Instances of train delays caused by trees falling onto the tracks could dramatically reduce as Network Rail, the company responsible for running and maintaining the railway, rolls-out a national “tree census” database with the ability to identify and target specific trees that could eventually cause problems for train passengers.
More than 10 million trees growing next to the railway have been catalogued as part of a sophisticated aerial survey covering 20,000 miles of Britain’s track. The database provides engineers with a heat map indicating higher priority “problem trees” or overhanging tree canopies which need attention before they fall onto the railway and cause delays to train journeys. Part of the Offering Rail Better Information Service programme (ORBIS), the database, now completed and deployed across the company, will revolutionise the way lineside engineers target their work, as well as save the company time and money.
By providing its engineers with an early warning system to identify potential problem trees and canopies encroaching on the railway before they fall, the ORBIS programme is saving tax-payer funded Network Rail thousands of pounds in repair and clean-up costs. Tackling potential problem trees early will also help improve the safety of our railways by reducing the likelihood of a train colliding with a fallen tree or branch.
A fallen tree damages a train near Cupar, Scotland during a storm in January 2015.
The tree census is the latest offering from ORBIS, a transformation programme aimed at supporting the railway industry by collating, analysing and exploiting data from a variety of disparate sources – from Brunel-era working drawings on parchment, ordinance survey maps, water and gas board plans, to high-resolution aerial and oblique imagery and Light Detection And Ranging (LiDAR) 3D imagery. So far, the ORBIS initiative has saved Network Rail £207 million by helping engineers make smarter decisions, and “predicting and preventing” incidents. New additions to the programme, like the tree database, mean ORBIS is forecast to save £281m by 2019.
Paul Meads, head of lineside safety at Network Rail said:
“Our analysis revealed the majority of trees that fall on the railway during storm conditions are healthy – yet previous inspections may have assessed these as lower risk. We’ve surveyed up to 60 metres either side of the railway covering 20,000 miles, and catalogued over 100 different attributes per tree including height, thickness, health, slope angle, proximity to bridges and power lines etc., which are measured to predict the risk an individual tree represents to the railway.”
Alex Hinshelwood, Network Rail’s senior asset engineer in Wales, uses the database in his day-to-day work and has already seen the cost, safety and environmental benefits. He said: “From the first use of the data I was able to identify areas to be managed and remove the need for a tree survey in those locations. This allowed for immediate cost saving for the route.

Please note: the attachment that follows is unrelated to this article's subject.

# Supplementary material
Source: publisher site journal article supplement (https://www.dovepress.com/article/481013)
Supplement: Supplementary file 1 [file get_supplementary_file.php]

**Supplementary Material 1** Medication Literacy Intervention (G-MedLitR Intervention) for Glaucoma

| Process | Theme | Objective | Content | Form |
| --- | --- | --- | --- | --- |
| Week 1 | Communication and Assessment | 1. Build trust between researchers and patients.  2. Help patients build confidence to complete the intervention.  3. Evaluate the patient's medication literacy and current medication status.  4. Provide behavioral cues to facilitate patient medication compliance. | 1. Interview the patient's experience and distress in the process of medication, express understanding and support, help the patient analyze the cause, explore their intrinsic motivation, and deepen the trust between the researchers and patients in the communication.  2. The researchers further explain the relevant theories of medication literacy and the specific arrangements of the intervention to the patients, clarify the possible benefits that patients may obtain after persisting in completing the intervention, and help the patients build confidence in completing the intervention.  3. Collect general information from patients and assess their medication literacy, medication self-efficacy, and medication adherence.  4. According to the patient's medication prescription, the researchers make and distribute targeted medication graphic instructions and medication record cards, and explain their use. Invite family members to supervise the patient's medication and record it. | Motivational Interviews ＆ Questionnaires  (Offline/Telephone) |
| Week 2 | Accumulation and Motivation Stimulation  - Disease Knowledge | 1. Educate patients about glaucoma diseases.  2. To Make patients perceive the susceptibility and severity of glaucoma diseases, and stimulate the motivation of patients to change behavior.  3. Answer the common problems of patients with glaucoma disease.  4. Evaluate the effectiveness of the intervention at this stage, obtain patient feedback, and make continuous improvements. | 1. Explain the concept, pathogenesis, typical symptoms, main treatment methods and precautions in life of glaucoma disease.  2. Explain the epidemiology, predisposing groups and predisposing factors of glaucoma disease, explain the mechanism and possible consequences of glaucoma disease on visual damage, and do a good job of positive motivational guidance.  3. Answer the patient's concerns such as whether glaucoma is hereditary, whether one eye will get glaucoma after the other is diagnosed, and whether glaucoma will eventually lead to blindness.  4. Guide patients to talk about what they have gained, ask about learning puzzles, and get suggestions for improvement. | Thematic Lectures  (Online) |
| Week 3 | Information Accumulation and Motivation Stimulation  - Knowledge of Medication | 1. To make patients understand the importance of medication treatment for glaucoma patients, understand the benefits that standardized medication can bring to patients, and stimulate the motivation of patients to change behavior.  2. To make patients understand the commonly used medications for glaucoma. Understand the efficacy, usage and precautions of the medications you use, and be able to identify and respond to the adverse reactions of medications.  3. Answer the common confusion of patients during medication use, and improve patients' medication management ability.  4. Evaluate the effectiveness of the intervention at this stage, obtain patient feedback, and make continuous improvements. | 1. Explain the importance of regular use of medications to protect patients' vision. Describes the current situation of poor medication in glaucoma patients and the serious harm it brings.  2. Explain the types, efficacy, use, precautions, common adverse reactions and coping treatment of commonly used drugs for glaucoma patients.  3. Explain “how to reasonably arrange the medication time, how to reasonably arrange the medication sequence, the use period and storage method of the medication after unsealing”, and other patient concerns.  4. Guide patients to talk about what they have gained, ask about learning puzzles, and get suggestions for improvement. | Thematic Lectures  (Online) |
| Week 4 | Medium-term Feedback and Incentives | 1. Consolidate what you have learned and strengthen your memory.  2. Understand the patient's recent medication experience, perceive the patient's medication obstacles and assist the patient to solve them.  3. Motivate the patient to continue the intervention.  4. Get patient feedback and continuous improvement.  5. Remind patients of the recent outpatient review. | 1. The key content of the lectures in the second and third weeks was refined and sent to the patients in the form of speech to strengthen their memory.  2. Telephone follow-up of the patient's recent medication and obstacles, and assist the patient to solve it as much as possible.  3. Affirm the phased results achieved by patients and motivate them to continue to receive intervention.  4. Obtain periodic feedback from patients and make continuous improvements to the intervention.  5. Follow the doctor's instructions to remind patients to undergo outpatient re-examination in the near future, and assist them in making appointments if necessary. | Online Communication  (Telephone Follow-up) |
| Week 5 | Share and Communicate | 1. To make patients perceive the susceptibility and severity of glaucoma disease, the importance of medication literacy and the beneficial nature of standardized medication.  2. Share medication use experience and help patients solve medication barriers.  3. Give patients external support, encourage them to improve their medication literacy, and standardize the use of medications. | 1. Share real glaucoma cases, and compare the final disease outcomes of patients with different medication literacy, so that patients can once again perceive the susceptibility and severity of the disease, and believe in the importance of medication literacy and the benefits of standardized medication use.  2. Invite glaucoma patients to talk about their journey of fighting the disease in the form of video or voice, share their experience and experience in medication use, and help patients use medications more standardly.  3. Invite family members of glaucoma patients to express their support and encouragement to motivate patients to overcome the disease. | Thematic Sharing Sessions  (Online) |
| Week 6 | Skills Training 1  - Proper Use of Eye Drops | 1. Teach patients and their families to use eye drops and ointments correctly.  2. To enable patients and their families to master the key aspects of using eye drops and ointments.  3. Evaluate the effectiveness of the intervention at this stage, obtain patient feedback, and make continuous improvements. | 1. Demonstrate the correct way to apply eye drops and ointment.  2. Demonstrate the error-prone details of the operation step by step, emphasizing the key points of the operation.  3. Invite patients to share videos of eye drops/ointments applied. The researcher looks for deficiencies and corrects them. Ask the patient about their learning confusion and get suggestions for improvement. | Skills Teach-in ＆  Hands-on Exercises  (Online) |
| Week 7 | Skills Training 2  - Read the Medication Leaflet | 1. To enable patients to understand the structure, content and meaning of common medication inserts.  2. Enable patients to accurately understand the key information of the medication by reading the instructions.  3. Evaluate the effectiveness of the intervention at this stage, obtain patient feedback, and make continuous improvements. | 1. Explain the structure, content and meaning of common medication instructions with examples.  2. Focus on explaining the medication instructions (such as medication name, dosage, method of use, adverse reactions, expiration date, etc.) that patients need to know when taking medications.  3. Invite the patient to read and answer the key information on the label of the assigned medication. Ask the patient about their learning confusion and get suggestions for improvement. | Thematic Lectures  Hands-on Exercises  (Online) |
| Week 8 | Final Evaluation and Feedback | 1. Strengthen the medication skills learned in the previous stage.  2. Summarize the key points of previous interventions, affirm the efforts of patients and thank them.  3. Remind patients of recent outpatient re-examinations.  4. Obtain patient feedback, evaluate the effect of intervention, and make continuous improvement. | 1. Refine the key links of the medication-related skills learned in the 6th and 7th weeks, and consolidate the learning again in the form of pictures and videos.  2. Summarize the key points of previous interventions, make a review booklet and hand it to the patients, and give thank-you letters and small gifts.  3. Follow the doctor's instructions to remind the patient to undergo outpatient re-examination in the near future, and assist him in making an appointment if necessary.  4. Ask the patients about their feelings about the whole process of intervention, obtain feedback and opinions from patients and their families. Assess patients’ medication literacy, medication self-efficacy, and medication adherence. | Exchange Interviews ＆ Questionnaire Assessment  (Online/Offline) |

“From my desk, I can analyse the trees that pose a risk to the railway, and using this data, I am able to develop a work bank for our vegetation management teams. Now, with targeted, evidence-based information, I can save money and reduce the need to carry out lineside surveys.
“The new heat map is an extraordinary development; I can click on the Cardiff area and in an instant highlight where potential problem areas exist. The clustering data shows how many trees exist and you can drive right down to individual trees to uncover a range of different details, from height and location, to tree width.
“We can’t simply cut down every tree on the lineside; we have to consider the natural environment and the impact of our work on our lineside neighbours. The vegetation management data has the potential to completely change the way we carry out vegetation and tree management across the routes and will be an invaluable tool that can be used with our existing inspection records and asset data to help us make real asset management decisions.”
Railway tree facts:
- Britain’s 52,000 hectares of railway land are home to millions of trees, bushes and other plants
- There are 10 million trees growing 60 metres either side of the railway, covering 20,000 miles – some of these trees lie beyond our borders but may still affect the railway. Essentially, this is an area large enough to cover every tree that could possibly impact the railway
- So far this year, we have targeted and managed ‘hotspot’ areas for vegetation management covering 900 hectares – which accounts for roughly two per cent of the network
- A mature tree can have between 10,000 and 50,000 leaves and each autumn thousands of tonnes of leaves fall onto railway lines across the country. Compressed by passing trains, these leaves create a thin, black ‘Teflon’-like layer on the rail which – much like black ice on the roads – can affect train braking and acceleration as a result of reduced friction between train wheels and rail
- Last year there were over 470 incidents involving vegetation on the railway (April 2016 – March 2017). This includes fallen trees, branches, overhead line dewirements, leaf mulch etc.
Tree on the line in West Highlands after Storm Gertrude in January 2016
(All images and graphics courtesy: Network Rail)